How to Achieve Equitable Pay for EmployeesCompensation System

Under the federal Equal Pay Act, all employees regardless of gender must be paid an equal amount for jobs of “equal skill, effort and responsibility” and performed under similar working conditions. Exceptions to this requirement can be based on a seniority system, a merit system, a system that measures earnings by quality or quantity of production, or “a differential based on any other factor than sex”. (Equal Pay Act, 1963)

While the Equal Pay Act has been around for 57 years, compliance activities are increasing and failure to achieve Pay Equity is becoming visible.

Multiple steps are required to set up a compliant compensation system to govern pay in your organization.

In last week’s To the Point feature, we asked about a variety of factors often used by employers to determine pay rates and application to individual employees’ pay. Many of the practices listed were illegal; others are ill-advised or should be pursued with caution.

If you use any of the following to determine pay rates for your employees, beware:

  • Area pay for similar work: Avoid grabbing a rate from local data and establishing this as your job rate of pay; the data you find may reflect gender bias, questionable sources, or be outdated. If you find and use the data without change in your system, you will be bringing gender bias or other concerns directly into your pay rates.
    • It is better to evaluate jobs, group those of similar weight, and check on the most common jobs in the group.
  • Applicant’s salary history or salary requested during interview: Requiring an applicant to provide a history of past pay is now illegal in a number of states, and ill-advised because this brings past employers’ pay practices and potential bias directly into your pay administration if used as the basis for the new hire offer.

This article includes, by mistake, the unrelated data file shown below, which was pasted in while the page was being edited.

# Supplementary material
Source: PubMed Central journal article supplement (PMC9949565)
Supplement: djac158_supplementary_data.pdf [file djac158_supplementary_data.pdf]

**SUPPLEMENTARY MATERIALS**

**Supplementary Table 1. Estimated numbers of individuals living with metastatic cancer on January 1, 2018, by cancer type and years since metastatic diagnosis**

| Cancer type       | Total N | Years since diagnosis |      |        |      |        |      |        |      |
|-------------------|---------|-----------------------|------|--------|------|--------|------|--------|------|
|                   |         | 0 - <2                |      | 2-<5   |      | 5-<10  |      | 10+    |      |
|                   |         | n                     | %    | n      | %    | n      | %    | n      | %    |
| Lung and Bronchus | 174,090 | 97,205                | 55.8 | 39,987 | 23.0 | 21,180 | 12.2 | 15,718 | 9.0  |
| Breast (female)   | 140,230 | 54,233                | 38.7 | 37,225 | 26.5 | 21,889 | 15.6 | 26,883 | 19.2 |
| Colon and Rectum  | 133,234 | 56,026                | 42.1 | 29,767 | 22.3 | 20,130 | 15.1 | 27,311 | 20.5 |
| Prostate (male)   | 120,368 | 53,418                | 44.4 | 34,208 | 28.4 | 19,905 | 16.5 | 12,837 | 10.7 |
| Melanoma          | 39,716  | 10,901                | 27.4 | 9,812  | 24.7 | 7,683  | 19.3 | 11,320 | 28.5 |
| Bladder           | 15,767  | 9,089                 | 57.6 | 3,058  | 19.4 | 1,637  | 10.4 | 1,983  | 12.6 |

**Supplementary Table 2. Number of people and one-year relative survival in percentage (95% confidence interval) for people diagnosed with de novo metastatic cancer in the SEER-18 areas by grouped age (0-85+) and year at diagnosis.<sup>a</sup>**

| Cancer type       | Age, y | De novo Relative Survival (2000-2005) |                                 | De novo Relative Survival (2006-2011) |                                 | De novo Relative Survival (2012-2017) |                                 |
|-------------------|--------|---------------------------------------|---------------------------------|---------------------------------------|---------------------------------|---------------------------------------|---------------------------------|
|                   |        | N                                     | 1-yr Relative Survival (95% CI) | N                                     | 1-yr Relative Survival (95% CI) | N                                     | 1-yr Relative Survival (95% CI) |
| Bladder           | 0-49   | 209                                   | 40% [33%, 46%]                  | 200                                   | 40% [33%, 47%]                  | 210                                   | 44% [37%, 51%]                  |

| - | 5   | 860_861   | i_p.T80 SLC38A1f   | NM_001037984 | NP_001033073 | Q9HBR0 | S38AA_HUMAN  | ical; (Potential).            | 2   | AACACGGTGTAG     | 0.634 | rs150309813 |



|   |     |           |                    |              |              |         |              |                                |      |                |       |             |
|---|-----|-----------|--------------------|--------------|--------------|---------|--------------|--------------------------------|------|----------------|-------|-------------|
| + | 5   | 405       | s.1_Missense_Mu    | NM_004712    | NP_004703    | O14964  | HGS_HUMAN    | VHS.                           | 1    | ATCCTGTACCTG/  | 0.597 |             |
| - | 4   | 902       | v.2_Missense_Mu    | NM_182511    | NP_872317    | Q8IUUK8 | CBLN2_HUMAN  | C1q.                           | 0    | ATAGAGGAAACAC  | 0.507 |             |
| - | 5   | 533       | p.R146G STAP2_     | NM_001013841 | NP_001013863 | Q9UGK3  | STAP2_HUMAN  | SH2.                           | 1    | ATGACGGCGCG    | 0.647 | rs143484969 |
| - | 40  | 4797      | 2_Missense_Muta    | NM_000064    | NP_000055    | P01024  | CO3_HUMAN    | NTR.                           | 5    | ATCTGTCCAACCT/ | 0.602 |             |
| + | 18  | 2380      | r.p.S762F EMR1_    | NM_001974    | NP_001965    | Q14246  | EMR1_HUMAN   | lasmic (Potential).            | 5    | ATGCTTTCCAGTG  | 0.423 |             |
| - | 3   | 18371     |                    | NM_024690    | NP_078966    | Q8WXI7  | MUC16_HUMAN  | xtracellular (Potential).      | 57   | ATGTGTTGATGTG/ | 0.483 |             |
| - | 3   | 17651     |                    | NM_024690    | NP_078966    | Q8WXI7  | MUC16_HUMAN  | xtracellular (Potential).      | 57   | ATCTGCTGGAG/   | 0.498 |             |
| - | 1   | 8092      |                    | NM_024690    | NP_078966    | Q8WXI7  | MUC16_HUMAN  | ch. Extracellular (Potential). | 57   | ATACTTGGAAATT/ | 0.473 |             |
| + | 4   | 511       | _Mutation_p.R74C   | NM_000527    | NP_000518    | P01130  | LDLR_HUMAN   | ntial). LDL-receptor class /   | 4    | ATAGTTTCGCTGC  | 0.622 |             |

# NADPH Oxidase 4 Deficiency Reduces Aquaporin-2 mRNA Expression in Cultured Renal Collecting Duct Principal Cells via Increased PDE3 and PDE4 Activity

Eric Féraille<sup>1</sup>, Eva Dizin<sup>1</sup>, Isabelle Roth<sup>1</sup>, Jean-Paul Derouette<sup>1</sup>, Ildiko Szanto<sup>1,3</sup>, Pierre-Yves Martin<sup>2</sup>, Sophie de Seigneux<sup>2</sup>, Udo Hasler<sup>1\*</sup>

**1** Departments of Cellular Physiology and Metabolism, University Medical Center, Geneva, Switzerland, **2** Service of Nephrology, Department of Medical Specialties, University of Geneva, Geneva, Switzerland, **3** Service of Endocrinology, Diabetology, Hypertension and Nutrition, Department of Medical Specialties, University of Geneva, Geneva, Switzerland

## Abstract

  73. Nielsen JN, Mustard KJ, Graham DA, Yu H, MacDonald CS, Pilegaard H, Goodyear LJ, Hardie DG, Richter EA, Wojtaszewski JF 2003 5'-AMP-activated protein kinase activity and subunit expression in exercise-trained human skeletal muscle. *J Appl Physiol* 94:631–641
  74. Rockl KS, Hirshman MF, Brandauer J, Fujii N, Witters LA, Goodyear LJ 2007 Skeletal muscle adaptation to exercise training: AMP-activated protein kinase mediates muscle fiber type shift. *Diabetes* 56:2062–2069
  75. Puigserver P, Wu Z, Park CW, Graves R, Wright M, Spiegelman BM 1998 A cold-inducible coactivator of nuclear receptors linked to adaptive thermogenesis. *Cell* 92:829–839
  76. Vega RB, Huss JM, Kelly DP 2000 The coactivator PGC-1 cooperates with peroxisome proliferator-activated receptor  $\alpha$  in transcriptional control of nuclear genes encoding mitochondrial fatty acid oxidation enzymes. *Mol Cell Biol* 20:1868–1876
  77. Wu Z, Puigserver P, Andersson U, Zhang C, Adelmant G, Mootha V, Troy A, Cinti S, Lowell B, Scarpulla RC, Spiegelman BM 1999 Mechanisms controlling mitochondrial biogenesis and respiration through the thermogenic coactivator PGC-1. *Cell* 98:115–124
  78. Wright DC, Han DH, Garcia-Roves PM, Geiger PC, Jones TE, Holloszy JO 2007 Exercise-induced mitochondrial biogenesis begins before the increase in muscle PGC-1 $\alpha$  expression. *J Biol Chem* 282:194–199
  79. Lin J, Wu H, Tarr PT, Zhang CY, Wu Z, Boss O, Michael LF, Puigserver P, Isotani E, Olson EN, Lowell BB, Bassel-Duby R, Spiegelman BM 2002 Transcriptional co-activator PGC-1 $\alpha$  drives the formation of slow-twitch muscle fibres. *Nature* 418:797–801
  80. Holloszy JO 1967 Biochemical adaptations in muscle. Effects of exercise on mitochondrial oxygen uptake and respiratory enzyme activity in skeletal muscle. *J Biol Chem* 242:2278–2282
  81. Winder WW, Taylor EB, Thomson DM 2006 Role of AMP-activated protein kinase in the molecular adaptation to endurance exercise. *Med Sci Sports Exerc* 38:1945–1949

• Asking a candidate to share what he or she would like to earn in the new position is acceptable; this looks ahead and is not based solely on previous employers’ practices.
    • Be careful to ensure that the requested amount brings the employee’s initial pay to the appropriate place in your range according to your guidelines. If you don’t use your own guidelines to determine the pay you should offer the candidate, it is difficult to make up for these errors later with merit raises of 3% annually. Start the pay wrong, and you will likely not be paying the employee equitably.
  • Paying a budgeted rate or according to predecessor or co-worker pay: Administer pay for the new hire according to the job group, range and guidelines for administration of the range. If not, you run the risk of duplicating a pay error you’ve made previously. Start each offer from a fresh look at candidate qualifications and range administration guidelines.
    • Correct coworker pay with an equity increase if necessary; never lower any employee’s pay to correct a pay inequity.
  • Determining pay based on relationships, financial need, marital, parental or financial status, gender or head of household status: These practices are illegal and inequitable. Follow the guidelines and ranges you’ve established for employees. Exceptions to equal pay must be based on an allowable exception, such as merit or quality/quantity of work, not who knows who or financial need.
  • Pay based on employee performance and position in pay range: This is how we pay employees equitably. If your initial pay offers are correct, performance ratings are based on job duties and results, and these are applied consistently regardless of gender or other unrelated protected characteristics, this is how a pay range should be applied and new pay rate determined.

HPISolutions and its Alliance Partner, McMinn HR™, can create Compensation Systems and conduct Pay Equity Audits for our clients. Call us at 623-866-8400 to explore these options.

1 Comment

Comments are closed.